In view of the foregoing, it is the primary objective of this invention to provide an apparatus and method for increasing the printing speed of laser printers of the type which employ acoustooptic devices, or equivalent devices (e.g. electrooptic devices), for rapidly deflecting a laser beam to produce scan lines on a photosensitive surface.
According to a preferred method of the invention, the above objective is achieved by acoustooptically diffracting a laser beam in such a manner as to produce a plurality of spatially separated, first-order diffracted beams, and simultaneously deflecting each of the diffracted beams through contiguous angular ranges. Upon striking a photosensitive surface, the deflected beams produce tandem scan lines thereon each of the tandem lines terminating at the point at which an adjacent tandem line starts. Prior to striking the photosensitive surface, the intensity of each of the deflected beams is independently modulated by a data source (e.g. a character generator or programmed computer) so that the tandem scan lines, when produced, collectively display the information to be printed.
Inasmuch as the method of the invention produces one complete scan line of a raster pattern at the speed at which it produces each of the shorter tandem scan lines, the printing speed, relative to that of conventional methods, is a multiple of the number of tandem scan lines which make up one complete scan line of the raster pattern.
Preferred apparatus for producing the above-mentioned tandem scan lines takes the form of an acoustooptic cell and circuit means for propagating therein a complex acoustic wave having at least two frequency components which vary periodically and concurrently within different, substantially non-overlapping frequency ranges. Preferred apparatus for propagating such a complex acoustic wave comprises a plurality of variable frequency oscillators (the number of oscillators being equal to the desired number of frequency components), and means for sweeping the output frequency of each oscillator through different and non-overlapping frequency ranges which are contiguously arranged in the frequency spectrum. Means are provided for driving the electromechanical transducer element of the acoustooptic cell with the combined outputs of the oscillators. The effect of the complex acoustic wave travelling in the acoustooptic cell is to simultaneously diffract an incident laser beam to produce a plurality of co-planar first-order beams (corresponding in number to the number of frequency components in the acoustic wave) and to repetitively deflect each of the diffracted beams through different, non-overlapping angular ranges, one angular range terminating substantially at an angle at which an adjacent angular range starts. Each of the deflected beams, when used to expose a photosensitive surface, produces one of the aforementioned tandem scan lines. Means are provided for modulating the intensity of each of the first-order beams independently, each beam being intensity-modulated in accordance with a different portion of the data to be recorded. Collectively, therefore, the beams imagewise expose the photosensitive surface to the information to be recorded.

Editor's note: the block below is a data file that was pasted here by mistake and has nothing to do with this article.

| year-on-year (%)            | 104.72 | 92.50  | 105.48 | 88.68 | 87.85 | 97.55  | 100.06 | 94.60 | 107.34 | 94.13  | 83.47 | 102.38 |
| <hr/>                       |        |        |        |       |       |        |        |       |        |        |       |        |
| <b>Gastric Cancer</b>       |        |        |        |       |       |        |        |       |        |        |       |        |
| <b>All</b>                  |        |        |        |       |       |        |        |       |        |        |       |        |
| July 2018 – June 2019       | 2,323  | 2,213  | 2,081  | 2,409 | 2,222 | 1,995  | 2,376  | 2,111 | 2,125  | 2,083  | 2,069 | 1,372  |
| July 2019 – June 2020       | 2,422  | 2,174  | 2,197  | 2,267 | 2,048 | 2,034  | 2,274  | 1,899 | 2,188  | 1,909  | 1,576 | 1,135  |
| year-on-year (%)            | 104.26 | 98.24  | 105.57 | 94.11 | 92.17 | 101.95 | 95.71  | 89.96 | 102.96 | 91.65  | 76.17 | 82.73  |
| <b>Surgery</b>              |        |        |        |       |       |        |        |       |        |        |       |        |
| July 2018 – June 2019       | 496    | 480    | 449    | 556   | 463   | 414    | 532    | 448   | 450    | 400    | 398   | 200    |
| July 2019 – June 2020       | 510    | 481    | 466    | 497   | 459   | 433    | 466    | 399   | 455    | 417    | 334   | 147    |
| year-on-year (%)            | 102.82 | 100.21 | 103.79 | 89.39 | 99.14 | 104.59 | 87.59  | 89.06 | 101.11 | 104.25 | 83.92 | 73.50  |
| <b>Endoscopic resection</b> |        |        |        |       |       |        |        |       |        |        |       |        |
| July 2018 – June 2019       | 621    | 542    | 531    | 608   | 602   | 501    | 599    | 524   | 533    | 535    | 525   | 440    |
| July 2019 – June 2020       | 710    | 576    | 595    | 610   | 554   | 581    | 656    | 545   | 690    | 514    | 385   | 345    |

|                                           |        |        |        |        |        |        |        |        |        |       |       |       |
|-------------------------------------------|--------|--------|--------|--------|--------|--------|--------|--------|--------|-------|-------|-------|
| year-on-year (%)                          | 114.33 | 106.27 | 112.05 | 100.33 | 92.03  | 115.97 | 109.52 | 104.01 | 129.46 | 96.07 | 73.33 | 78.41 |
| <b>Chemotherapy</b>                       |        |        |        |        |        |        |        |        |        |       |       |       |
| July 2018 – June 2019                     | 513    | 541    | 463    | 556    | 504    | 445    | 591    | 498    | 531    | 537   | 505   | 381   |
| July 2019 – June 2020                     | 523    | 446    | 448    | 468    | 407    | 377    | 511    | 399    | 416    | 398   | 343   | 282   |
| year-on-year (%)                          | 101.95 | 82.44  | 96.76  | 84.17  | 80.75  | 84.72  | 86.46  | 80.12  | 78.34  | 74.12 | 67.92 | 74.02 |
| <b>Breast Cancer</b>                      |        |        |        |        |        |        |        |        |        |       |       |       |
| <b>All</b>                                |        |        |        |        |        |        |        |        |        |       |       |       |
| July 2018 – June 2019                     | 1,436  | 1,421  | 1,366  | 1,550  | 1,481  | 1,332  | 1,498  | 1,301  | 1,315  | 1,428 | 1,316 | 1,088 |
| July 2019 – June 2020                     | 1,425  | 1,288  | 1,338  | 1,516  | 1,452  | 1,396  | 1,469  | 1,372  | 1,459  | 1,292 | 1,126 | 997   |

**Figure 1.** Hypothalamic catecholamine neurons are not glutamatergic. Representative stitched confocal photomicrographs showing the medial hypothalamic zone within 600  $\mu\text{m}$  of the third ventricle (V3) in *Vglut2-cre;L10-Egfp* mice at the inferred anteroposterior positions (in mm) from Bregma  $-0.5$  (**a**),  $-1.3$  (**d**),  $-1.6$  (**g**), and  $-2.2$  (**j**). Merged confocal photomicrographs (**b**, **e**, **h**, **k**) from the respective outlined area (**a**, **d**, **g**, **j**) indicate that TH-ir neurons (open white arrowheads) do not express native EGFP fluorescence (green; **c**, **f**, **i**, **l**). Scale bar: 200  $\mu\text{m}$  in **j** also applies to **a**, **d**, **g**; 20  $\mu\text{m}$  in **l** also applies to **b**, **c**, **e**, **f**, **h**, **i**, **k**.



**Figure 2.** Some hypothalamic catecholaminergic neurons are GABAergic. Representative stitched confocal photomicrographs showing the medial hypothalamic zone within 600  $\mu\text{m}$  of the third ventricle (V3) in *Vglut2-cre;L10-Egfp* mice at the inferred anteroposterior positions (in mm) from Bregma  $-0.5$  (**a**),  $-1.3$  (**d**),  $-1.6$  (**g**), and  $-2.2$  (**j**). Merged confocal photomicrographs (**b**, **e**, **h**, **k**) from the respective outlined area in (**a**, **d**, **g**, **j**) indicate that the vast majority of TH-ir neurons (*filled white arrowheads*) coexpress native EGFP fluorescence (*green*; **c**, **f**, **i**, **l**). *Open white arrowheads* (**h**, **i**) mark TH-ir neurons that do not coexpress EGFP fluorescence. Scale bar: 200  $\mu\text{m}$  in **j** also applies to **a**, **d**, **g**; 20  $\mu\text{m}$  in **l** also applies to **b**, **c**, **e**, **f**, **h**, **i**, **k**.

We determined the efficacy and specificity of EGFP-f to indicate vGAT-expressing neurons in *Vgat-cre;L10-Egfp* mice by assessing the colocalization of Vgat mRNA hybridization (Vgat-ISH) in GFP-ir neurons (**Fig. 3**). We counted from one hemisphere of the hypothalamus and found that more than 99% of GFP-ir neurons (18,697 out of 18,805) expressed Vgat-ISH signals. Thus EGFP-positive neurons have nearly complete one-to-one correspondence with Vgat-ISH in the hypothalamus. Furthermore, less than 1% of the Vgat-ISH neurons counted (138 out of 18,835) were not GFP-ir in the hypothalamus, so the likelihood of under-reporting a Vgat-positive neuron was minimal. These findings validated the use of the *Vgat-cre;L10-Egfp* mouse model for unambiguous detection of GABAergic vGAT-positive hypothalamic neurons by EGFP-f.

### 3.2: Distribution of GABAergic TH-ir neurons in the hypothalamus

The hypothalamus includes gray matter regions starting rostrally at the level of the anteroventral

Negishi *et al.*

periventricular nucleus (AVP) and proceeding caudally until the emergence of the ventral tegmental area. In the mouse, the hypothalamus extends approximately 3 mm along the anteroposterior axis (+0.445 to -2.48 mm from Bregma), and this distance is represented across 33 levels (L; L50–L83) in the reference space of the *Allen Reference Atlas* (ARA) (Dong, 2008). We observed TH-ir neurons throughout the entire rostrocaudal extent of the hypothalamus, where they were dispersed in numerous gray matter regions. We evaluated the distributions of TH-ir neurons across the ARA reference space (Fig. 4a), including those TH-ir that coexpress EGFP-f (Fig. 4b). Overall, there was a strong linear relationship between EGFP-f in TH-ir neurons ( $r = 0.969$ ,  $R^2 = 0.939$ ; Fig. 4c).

Since the number of tandem scan lines is determined by the number of variable frequency oscillators used to drive the acoustooptic cell's transducer, it is possible to double, triple, quadruple, etc., (depending on the number of variable frequency oscillators used) the printing speed of a conventional laser printer which uses only single variable frequency oscillator to acoustooptically deflect a laser beam.
Additional objectives and advantages of the present invention will be apparent to those skilled in the art from the ensuing detailed description of the preferred embodiment, reference being made to the accompanying drawings.
FIG. 1 is a schematic illustration of an electrophotographic laser printer embodying the invention;
FIG. 2 is a perspective view of the optical elements comprising the laser scanner component of the FIG. 1 printer;
FIG. 3 is an enlarged optical diagram of certain optical elements of the laser scanner component of the FIG. 1 printer;
FIGS. 4 and 5 are block diagrams of circuitry comprising the scan generator and interface components of the FIG. 1 printer; and
FIG. 6 illustrates a preferred scan raster provided by the laser printer of the invention.